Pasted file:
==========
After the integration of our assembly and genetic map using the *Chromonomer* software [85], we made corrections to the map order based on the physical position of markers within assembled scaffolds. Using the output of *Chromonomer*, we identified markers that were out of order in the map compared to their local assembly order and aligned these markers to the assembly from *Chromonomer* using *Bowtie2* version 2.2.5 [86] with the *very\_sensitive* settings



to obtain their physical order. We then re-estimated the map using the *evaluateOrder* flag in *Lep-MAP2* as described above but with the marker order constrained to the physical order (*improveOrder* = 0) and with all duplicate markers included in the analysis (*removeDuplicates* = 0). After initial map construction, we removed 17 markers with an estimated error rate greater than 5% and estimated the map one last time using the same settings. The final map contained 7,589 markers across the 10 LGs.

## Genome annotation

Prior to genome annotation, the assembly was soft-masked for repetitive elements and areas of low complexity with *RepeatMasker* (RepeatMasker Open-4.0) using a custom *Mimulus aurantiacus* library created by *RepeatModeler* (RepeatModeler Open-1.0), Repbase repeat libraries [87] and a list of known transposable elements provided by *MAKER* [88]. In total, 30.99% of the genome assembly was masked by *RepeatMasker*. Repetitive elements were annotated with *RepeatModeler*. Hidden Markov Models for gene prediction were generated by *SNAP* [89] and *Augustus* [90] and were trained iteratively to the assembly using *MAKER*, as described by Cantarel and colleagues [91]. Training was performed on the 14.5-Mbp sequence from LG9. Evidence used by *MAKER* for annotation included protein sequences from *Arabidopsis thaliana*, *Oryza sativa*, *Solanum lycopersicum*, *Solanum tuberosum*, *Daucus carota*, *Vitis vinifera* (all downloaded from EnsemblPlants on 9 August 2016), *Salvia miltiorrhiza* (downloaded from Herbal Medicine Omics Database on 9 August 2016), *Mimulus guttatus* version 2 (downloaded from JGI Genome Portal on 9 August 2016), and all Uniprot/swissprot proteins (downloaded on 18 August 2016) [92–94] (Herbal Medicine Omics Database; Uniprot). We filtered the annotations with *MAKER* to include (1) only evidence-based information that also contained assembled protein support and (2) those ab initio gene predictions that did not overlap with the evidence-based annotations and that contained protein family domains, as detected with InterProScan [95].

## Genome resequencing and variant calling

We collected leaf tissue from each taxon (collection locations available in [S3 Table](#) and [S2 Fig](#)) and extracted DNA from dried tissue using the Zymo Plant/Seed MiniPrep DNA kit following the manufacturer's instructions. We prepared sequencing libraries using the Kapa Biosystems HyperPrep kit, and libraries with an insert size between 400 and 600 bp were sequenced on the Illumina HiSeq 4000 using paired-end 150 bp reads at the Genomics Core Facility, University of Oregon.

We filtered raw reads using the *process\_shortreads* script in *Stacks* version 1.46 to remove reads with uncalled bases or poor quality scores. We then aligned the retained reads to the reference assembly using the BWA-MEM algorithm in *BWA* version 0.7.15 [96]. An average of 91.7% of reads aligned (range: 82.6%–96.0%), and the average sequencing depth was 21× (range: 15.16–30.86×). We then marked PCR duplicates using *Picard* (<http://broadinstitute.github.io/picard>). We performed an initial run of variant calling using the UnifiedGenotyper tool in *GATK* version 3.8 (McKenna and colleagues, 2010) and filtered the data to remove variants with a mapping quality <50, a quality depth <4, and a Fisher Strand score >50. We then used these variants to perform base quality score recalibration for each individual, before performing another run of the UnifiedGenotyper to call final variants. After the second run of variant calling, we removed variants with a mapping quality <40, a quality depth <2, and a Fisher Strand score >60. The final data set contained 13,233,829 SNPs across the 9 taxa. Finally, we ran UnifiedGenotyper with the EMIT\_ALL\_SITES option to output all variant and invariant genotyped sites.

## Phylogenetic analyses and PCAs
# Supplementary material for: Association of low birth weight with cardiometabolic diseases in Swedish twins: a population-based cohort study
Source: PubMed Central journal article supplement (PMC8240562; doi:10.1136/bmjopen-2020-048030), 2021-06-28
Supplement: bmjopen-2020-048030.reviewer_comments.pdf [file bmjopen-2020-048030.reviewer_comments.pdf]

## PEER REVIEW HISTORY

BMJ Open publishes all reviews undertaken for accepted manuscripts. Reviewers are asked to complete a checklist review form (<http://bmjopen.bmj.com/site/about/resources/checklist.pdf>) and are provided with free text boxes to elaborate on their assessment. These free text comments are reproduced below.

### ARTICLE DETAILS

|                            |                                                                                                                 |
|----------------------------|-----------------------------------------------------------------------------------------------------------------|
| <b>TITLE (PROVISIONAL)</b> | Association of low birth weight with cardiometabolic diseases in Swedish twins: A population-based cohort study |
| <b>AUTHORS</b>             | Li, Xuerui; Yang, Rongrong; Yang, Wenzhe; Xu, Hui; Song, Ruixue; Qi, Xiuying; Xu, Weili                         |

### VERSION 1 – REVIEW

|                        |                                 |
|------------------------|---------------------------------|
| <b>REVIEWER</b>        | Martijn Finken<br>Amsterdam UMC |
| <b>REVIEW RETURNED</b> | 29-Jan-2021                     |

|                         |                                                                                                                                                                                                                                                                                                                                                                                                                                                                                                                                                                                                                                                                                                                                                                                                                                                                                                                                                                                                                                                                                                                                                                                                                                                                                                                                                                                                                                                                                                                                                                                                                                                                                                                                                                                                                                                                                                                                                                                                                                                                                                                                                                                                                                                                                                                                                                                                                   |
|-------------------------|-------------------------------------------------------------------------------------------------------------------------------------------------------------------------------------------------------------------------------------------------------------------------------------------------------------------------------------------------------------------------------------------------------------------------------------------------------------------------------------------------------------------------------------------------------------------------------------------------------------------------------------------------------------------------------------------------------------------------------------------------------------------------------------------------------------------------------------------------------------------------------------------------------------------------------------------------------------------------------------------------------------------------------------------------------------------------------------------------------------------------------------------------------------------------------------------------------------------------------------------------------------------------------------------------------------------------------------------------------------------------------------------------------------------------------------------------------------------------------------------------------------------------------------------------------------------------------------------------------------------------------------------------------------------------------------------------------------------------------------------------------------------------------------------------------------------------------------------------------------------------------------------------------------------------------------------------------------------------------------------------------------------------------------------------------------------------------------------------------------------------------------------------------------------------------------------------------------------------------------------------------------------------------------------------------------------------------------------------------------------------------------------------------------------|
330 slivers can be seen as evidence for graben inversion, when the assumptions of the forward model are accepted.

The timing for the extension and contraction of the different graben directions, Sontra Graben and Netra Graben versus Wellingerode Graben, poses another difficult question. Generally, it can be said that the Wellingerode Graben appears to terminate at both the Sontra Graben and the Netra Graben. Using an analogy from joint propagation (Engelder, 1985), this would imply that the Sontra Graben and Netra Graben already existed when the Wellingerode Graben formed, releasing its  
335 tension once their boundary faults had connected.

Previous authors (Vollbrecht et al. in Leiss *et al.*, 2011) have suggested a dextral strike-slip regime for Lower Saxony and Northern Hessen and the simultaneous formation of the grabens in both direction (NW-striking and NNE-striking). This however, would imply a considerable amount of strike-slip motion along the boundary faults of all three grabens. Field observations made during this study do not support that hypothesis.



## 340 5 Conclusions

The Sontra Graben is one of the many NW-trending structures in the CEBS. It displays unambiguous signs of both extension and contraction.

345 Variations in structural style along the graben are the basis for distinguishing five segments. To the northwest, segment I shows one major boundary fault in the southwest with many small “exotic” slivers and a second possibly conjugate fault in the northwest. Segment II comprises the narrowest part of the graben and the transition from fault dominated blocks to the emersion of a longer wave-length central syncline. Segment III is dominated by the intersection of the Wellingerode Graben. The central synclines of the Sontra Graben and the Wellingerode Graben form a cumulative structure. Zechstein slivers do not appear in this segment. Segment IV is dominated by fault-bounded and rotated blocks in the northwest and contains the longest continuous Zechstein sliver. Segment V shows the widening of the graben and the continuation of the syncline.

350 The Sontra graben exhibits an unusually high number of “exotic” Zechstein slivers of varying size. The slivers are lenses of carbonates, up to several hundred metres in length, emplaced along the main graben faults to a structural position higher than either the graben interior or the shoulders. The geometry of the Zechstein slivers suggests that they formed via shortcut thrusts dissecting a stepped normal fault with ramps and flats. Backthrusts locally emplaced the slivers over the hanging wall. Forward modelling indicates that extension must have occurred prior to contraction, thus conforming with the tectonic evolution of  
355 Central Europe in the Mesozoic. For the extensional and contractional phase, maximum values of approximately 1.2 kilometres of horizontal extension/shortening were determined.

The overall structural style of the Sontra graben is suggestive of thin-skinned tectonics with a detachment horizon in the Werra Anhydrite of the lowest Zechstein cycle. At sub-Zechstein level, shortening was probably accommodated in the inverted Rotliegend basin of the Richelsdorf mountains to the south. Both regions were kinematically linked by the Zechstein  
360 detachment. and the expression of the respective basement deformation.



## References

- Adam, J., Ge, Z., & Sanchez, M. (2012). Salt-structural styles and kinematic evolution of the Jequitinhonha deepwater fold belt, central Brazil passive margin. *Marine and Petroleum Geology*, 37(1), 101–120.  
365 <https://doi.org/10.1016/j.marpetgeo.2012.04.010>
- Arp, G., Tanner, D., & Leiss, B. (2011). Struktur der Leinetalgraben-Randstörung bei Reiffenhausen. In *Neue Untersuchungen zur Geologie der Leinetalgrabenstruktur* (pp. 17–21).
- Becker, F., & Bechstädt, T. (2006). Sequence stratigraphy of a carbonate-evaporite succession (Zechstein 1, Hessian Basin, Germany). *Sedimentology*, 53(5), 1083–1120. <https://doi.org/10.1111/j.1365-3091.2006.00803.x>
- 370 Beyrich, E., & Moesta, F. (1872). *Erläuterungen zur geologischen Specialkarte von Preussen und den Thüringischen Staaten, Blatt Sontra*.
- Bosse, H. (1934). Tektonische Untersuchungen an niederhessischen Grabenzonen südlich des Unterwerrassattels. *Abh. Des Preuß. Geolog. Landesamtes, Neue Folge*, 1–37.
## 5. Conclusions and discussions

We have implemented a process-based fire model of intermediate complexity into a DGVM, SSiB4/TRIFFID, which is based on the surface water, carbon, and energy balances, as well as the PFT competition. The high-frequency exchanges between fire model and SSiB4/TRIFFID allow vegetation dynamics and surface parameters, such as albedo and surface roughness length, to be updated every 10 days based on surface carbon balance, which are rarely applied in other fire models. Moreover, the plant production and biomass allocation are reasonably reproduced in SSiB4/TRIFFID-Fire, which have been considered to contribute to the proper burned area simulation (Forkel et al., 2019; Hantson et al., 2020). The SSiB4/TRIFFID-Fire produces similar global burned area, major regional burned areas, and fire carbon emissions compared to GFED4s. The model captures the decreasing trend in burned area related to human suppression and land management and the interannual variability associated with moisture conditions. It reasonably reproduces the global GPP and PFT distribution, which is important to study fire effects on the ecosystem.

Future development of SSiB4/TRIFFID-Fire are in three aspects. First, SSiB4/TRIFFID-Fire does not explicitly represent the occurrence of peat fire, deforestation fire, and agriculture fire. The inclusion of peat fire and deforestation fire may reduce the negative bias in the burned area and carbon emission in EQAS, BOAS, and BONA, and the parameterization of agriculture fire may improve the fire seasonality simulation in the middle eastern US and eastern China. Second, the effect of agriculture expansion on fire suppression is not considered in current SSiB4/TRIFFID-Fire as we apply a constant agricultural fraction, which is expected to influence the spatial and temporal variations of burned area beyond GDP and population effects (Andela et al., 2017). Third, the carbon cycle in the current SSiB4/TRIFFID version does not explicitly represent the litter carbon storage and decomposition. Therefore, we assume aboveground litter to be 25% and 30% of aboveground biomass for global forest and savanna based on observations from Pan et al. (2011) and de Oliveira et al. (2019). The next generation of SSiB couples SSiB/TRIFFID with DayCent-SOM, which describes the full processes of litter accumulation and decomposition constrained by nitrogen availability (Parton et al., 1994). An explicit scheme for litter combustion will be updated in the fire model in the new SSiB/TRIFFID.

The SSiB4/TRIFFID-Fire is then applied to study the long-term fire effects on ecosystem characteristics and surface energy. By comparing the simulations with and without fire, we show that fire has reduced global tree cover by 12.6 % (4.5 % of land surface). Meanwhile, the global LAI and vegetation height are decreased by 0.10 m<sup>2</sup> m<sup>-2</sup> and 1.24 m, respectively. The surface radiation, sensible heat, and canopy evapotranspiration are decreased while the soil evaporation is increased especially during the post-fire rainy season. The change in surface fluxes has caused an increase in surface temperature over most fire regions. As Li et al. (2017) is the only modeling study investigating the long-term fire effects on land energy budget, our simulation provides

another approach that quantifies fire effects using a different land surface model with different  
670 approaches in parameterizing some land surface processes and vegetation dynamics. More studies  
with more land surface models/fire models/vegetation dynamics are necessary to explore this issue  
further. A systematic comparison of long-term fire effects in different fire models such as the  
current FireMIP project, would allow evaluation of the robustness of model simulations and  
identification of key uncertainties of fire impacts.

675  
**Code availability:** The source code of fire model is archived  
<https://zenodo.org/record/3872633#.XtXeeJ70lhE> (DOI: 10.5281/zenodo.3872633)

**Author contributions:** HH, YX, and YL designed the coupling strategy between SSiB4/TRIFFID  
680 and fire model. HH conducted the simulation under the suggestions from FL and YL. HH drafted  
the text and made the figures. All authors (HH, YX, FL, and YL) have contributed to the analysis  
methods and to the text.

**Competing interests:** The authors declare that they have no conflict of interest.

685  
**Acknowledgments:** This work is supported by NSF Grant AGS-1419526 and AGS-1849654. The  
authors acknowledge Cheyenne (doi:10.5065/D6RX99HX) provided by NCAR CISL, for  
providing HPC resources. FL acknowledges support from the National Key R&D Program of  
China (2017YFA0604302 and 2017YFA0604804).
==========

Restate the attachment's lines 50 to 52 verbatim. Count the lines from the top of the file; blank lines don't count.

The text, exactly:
with more land surface models/fire models/vegetation dynamics are necessary to explore this issue  
further. A systematic comparison of long-term fire effects in different fire models such as the  
current FireMIP project, would allow evaluation of the robustness of model simulations and  